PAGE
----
The rules, procedures and laws regarding vehicle losses vary from state to state and from insurance company to insurance company. This situation is an individual experience and every situation is unique, but it is good to understand your rights.
In most states, insurance companies have the authority to declare a vehicle a "total loss". If they decide to allow you to keep the vehicle, the word "salvaged' may appear on your title in which case it would be illegal to operate the vehicle on the roads and highways.
A car is "totaled" when it is so damaged that it would cost more to fix it than what it's actually worth. A vehicle is only worth the Fair Market Value determined by the insurance company using procedures defined and set forth in your policy. If you don't agree on the ACV or FMV your insurer determines, you can bring in an independent appraiser at your own expense or seek the advice of an attorney.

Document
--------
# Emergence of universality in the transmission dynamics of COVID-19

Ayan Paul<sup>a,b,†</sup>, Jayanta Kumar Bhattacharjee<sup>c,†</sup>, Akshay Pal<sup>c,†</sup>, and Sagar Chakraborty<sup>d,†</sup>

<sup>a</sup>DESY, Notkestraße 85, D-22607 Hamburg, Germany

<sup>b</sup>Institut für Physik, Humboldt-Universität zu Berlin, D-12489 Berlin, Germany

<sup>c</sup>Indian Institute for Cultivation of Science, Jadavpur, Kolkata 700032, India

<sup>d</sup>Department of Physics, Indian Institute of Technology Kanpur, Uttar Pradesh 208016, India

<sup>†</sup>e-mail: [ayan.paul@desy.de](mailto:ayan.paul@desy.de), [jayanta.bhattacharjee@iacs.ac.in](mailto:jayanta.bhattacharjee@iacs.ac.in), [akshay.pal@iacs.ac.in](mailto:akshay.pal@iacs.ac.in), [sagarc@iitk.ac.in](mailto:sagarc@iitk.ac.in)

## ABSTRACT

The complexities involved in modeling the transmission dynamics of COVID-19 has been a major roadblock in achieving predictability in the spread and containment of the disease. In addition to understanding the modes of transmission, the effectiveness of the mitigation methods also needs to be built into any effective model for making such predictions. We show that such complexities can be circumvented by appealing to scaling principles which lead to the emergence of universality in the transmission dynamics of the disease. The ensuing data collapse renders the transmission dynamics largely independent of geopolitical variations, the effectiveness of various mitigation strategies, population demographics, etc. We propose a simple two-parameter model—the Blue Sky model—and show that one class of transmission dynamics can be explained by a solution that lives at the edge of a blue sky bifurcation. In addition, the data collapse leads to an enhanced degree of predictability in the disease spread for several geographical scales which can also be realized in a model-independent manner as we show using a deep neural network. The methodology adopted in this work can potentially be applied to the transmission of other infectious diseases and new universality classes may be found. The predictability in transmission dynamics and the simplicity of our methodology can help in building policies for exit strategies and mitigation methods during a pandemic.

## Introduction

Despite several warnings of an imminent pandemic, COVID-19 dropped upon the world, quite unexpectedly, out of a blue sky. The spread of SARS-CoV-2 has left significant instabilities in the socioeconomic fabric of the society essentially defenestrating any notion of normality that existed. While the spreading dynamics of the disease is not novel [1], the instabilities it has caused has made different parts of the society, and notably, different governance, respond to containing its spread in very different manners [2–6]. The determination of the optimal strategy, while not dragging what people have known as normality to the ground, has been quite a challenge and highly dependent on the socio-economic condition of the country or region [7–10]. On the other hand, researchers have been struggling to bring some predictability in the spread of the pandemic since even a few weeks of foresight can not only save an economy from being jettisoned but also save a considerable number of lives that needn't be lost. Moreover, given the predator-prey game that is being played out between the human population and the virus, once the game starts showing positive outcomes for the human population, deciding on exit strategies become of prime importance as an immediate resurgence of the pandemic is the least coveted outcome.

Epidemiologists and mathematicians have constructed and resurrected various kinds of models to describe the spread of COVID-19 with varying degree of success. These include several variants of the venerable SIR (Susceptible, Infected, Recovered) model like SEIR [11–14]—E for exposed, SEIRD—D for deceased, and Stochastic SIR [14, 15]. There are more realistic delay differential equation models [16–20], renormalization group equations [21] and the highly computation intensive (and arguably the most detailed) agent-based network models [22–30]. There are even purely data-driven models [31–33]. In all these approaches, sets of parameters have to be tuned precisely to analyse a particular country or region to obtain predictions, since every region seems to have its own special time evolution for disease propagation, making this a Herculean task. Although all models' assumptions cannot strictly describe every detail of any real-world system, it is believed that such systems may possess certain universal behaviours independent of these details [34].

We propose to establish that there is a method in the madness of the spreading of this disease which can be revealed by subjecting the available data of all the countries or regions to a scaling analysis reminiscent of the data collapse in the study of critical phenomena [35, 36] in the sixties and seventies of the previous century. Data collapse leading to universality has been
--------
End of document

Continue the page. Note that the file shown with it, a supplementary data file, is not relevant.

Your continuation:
Some companies consider a damaged vehicle a total loss when the total cost to repair it exceeds just 51 percent of the vehicle's actual cash value (because of added storage costs, rental car, etc.), while others don't consider it a total loss until it is at 80% of the ACV.
It can be hard to decide if you want to take the money they are offering or keep the car and have it repaired. If you decide to keep the car and have it repaired (if that option is available), typically you can take the ACV, minus deductibles and what the insurance company would have received at the salvage yard, and fix the car yourself.
Comment Update: We have added more text to help explain your rights.
Comment Update: Re: Difference between it being your own insurance company, with whom you have a contract, and someone else's.
You are not obliged to accept their terms, but typically that would preclude them from settling with you. The other company has a responsibility to make you whole and you always have the option to not accept their offer.
Comment Update: Please read our related articles on GAP Insurance.